At the meeting in October 2010, I had also discovered that the Riksbank’s forecasts for interest rates abroad were unreasonably high relative to both market expectations and forward guidance by the foreign central banks. A downward revision of this forecast would have led to a forecast of a stronger krona, lower inflation and higher unemployment. This I took into account in my presentation at the meeting of alternative policy-rate paths and forecasts for inflation and unemployment. The policy-rate path Karolina Ekholm and I dissented in favor of at this time was significantly lower than the main-scenario one and ended at 2.7 percent at the end of the forecasting period (the grey dotted line, “Low policy rate with no initial increase,” in figure 4 from the minutes). But even this low policy-rate path resulted in an inflation forecast that was far too low, and an even lower policy-rate path would have been required to satisfy Qvigstad’s criterion.
Unfortunately, I did not get the majority to support my policy-rate paths and thus did not get an opportunity to demonstrate that they were just the first step of several. Most importantly, I did not get the majority to support the above principle for how flexible inflation targeting should be conducted. This principle aimed for normalizing inflation and unemployment. But, as the Financial Times Big Read on monetary policy in Sweden highlights, Ingves and the majority instead wanted “a normalization of monetary policy,” which in practice meant normalizing the policy rate. The policy rate and the policy-rate path had suddenly become target variables instead of just instruments.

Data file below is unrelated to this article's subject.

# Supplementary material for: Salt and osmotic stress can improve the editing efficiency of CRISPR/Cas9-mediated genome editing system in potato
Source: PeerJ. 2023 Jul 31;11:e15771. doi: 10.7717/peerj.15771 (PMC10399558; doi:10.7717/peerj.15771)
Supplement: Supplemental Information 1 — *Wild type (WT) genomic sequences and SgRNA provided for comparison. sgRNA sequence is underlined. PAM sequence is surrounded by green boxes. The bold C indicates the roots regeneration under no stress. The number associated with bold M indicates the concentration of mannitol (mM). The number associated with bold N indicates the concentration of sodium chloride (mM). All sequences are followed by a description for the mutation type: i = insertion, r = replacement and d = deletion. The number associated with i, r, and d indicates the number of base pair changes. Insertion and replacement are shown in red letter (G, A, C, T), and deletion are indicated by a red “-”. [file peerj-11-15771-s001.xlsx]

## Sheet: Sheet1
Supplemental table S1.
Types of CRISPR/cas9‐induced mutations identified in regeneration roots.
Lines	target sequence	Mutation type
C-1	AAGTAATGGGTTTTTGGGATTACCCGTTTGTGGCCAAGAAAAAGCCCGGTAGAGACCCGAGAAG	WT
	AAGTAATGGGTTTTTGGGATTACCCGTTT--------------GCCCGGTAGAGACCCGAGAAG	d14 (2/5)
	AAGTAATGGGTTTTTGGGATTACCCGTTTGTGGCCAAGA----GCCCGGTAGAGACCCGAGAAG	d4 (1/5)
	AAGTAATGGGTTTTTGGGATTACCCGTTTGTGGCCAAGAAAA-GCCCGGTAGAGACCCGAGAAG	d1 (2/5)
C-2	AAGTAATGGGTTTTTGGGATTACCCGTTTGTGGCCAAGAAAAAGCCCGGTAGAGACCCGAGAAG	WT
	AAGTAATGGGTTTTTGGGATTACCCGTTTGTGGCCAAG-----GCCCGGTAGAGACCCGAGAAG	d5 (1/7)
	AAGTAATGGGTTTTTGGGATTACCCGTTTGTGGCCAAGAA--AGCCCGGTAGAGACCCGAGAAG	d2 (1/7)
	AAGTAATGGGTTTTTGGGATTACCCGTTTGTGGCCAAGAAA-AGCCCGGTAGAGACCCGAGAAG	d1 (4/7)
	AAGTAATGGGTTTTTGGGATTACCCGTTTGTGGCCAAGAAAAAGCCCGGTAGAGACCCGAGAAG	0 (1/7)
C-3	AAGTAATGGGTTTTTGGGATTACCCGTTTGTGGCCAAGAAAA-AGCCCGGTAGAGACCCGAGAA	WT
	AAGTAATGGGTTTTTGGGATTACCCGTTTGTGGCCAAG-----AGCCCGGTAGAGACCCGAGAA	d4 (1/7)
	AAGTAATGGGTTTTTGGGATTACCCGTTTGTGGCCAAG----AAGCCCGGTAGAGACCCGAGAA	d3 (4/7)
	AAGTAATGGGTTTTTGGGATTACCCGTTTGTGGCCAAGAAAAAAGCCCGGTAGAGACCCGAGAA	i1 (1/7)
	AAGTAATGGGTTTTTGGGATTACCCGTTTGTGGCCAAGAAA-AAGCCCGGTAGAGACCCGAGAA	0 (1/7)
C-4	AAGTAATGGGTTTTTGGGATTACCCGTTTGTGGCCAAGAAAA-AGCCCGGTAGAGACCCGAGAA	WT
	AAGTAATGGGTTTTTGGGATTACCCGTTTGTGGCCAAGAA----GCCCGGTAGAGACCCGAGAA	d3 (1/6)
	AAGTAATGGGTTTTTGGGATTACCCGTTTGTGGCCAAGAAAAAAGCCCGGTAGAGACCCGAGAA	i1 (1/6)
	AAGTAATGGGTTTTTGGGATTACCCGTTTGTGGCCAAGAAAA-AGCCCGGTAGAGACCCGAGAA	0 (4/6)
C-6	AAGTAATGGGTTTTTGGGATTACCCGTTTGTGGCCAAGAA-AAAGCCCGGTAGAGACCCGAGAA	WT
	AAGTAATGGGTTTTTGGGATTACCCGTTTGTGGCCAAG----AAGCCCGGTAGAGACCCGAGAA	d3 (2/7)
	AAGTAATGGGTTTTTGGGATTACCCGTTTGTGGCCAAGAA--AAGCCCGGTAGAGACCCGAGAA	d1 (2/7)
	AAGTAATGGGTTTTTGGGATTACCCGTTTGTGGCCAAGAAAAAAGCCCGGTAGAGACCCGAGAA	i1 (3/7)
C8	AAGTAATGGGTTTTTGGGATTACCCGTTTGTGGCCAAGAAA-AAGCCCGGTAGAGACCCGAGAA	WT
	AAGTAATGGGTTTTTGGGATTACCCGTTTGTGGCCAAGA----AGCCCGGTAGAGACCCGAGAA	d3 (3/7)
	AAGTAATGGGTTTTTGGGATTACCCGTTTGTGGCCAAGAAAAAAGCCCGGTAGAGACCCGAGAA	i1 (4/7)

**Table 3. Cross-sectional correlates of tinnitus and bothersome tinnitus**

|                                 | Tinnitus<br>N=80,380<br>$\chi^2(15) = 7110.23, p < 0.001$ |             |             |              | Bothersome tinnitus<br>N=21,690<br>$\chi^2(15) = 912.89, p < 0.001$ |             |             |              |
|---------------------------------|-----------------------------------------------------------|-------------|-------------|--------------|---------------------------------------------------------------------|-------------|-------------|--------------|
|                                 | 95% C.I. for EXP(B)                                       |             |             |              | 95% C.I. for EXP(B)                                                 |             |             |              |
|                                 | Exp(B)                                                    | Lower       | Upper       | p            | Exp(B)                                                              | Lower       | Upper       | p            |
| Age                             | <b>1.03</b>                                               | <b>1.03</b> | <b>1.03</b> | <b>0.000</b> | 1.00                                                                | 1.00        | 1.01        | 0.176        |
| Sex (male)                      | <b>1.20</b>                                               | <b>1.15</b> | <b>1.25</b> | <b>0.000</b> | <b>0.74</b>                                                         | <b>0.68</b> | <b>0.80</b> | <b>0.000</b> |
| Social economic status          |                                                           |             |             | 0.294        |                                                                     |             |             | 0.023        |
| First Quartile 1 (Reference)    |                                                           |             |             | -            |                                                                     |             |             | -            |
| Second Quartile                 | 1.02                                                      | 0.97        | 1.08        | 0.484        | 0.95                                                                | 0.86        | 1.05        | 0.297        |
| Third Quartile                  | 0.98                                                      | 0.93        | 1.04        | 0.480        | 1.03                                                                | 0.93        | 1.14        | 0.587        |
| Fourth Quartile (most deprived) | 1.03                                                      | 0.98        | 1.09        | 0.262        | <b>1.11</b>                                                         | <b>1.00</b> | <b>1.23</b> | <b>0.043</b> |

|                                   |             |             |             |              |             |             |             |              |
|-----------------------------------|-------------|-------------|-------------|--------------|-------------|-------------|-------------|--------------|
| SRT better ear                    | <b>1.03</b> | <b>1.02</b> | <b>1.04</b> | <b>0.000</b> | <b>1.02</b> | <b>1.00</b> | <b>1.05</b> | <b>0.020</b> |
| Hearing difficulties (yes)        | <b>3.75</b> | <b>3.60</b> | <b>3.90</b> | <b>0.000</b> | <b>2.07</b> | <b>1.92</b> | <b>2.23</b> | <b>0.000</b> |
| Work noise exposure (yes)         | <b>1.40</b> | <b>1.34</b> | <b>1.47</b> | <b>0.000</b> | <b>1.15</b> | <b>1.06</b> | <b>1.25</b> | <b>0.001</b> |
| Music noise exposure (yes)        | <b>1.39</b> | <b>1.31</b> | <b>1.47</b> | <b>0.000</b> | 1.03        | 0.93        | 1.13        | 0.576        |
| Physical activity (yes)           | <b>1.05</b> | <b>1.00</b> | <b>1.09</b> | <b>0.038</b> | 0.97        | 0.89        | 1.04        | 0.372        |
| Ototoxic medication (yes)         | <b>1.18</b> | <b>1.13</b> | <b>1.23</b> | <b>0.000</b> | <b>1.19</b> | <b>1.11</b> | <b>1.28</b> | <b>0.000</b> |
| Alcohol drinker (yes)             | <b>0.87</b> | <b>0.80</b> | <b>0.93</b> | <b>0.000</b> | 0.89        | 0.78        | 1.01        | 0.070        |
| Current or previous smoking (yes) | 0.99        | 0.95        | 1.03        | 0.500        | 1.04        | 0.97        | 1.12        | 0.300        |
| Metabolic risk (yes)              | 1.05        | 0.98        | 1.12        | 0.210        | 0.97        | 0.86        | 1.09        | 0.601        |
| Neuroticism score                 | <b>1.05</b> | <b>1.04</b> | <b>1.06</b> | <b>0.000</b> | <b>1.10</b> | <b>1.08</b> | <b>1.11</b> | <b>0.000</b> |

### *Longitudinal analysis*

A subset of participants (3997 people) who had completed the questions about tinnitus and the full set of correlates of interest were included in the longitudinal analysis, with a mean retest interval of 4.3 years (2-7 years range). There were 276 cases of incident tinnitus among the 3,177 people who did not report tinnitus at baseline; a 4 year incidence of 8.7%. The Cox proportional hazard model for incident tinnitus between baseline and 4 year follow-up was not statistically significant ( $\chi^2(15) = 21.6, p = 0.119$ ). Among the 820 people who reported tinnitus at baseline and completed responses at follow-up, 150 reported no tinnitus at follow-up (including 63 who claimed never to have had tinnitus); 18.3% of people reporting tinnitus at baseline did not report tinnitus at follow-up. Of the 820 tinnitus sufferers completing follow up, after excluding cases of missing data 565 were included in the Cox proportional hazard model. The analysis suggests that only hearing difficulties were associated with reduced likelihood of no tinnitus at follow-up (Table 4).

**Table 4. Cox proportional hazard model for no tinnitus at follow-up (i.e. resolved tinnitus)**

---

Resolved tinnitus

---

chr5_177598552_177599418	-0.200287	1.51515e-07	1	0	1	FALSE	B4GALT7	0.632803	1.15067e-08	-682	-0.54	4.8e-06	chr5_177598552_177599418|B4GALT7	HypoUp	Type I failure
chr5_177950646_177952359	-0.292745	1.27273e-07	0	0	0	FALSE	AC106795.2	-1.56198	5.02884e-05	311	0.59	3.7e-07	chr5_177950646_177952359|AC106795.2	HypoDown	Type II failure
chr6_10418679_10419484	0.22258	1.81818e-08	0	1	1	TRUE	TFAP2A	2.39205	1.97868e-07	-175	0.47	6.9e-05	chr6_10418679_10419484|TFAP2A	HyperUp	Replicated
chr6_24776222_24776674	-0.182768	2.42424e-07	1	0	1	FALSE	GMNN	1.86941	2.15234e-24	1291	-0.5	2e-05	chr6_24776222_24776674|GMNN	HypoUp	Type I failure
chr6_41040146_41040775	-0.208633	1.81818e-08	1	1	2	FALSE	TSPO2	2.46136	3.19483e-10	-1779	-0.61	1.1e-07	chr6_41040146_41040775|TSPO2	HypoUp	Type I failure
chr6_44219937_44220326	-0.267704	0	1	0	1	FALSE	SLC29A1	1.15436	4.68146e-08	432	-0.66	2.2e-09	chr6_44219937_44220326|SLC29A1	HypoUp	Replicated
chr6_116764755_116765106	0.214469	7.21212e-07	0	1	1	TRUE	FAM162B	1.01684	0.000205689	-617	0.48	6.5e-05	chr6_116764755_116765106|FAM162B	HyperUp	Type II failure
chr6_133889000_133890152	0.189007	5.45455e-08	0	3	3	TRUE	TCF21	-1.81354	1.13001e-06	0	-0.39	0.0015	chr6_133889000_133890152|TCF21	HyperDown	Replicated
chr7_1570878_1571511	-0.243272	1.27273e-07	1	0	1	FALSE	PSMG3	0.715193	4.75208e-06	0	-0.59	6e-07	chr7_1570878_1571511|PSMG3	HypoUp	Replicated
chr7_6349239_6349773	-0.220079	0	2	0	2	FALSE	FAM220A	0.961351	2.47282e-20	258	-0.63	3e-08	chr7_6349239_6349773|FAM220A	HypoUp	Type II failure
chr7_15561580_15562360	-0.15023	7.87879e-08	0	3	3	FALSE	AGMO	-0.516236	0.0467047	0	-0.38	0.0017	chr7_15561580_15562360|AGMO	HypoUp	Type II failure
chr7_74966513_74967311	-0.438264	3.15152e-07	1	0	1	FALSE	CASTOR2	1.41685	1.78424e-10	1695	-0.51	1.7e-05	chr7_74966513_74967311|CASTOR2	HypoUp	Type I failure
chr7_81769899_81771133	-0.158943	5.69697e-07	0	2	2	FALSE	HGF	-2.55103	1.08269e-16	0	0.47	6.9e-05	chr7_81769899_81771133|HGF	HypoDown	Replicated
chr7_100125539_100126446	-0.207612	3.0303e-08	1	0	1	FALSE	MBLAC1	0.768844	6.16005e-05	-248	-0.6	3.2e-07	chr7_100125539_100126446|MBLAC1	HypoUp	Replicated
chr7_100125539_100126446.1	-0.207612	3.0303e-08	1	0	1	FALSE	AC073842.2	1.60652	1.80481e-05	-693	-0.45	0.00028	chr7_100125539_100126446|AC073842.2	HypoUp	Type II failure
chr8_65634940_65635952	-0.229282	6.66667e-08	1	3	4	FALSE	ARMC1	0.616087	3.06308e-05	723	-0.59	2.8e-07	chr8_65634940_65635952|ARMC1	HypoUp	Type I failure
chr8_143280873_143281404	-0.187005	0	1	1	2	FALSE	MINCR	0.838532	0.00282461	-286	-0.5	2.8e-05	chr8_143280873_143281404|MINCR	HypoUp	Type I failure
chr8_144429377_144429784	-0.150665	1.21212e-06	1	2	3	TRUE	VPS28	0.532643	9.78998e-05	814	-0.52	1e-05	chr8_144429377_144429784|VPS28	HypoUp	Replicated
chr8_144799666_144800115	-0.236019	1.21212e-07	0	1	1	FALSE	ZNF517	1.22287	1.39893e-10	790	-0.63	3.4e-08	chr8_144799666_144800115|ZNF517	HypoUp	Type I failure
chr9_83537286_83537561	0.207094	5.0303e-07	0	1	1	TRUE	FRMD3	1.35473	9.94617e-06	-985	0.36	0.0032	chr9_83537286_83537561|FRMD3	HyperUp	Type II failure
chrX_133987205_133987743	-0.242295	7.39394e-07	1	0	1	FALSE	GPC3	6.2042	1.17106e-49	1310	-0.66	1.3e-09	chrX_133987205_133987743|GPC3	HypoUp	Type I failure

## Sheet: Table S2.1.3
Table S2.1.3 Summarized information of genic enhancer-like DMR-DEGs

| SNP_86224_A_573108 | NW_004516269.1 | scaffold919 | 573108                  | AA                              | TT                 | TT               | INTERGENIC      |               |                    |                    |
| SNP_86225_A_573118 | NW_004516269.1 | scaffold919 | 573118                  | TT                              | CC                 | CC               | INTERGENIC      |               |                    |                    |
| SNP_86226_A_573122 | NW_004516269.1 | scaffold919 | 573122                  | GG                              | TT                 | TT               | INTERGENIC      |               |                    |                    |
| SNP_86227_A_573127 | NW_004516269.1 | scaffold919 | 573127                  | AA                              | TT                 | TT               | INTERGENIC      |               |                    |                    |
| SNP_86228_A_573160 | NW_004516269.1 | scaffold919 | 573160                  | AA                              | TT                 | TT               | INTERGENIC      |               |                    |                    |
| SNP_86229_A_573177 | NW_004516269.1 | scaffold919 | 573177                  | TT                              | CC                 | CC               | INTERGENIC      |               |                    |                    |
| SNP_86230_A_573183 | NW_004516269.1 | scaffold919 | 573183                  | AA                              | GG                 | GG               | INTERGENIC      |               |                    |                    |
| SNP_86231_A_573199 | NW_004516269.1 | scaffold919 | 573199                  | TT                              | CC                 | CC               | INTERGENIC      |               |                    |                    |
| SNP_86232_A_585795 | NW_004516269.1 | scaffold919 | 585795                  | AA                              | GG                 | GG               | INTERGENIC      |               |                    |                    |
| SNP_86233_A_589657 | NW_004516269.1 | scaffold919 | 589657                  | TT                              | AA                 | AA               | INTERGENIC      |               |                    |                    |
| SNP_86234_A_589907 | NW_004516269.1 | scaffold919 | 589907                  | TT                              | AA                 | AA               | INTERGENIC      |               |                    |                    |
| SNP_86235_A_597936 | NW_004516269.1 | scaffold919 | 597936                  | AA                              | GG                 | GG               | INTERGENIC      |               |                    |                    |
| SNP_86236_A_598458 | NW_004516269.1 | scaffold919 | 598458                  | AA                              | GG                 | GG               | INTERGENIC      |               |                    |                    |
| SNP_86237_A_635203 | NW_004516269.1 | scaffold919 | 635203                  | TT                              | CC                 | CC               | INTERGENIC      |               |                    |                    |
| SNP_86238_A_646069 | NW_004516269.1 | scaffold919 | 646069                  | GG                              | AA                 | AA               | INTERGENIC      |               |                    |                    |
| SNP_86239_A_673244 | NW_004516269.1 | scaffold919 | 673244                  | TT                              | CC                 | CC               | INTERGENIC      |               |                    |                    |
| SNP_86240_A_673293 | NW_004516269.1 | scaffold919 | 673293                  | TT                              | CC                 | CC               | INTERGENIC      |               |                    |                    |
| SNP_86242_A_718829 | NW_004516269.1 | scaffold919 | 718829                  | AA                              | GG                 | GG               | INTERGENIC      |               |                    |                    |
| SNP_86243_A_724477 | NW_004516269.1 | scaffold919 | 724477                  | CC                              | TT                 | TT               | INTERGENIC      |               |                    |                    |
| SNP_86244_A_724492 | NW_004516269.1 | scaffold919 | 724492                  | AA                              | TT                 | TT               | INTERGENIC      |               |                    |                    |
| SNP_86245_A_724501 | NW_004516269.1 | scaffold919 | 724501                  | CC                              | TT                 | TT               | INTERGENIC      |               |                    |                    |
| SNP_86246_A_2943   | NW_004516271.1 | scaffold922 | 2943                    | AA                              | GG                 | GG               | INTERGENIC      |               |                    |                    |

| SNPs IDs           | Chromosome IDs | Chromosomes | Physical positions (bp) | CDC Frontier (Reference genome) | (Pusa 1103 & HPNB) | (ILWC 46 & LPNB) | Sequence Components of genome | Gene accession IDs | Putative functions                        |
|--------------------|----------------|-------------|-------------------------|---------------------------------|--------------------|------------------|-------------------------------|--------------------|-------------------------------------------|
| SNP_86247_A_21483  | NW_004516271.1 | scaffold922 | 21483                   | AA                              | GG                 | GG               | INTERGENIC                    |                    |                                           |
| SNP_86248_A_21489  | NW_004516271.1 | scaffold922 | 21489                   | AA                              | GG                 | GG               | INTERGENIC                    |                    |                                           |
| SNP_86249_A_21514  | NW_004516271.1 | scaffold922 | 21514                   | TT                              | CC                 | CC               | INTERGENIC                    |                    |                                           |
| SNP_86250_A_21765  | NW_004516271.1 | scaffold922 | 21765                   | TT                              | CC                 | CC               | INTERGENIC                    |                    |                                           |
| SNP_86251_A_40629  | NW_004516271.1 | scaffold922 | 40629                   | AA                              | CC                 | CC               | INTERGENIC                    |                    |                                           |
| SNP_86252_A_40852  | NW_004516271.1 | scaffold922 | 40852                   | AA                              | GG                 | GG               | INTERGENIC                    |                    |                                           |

The majority turned monetary policy upside down
One can say that the majority effectively turned monetary policy upside down. Rather than seeing the policy rate and policy-rate path as subordinate to inflation and resource utilization and just a means to achieve the inflation target and stabilize resource utilization around a long-run sustainable level, a high policy rate in effect became an overriding objective. This meant that the inflation target was neglected and that the unemployment rate became much higher than a long-run sustainable rate. It is such a normalization of the policy rate, as an overriding objective in a monetary policy turned upside down, that Paul Krugman calls “sadomonetarism”.
I opposed such a normalization of the policy rate, as is clear from the June 2010 minutes (p. 20):
[Mr Svensson pointed out that,] According to [what can be called “the normalization argument”], it would be better to have a repo rate closer to a normal level, even if this means poorer fulfilment of the inflation target and even lower than normal resource utilisation. He did not agree with the normalisation argument: The repo rate and the repo-rate path do not have any value in themselves, claimed Mr Svensson. They are not target variables. “A normal repo rate” is not a target for monetary policy. Mr Svensson felt that there was no support in either the Sveriges Riksbank Act or the preparatory work for this Act for a high or low repo rate being a reason to allow poorer fulfilment of the inflation target or to accept poorer stability in resource utilisation. Instead, the repo rate should in all situations be set so that inflation and resource utilisation are stabilised as far as possible, regardless of whether this requires a high or a low repo rate and regardless of whether there is a crisis or not.
But the majority insisted on attempting to normalize the policy rate. As Karolina Ekholm and I had warned, these attempts led to abnormally low inflation and abnormally high unemployment.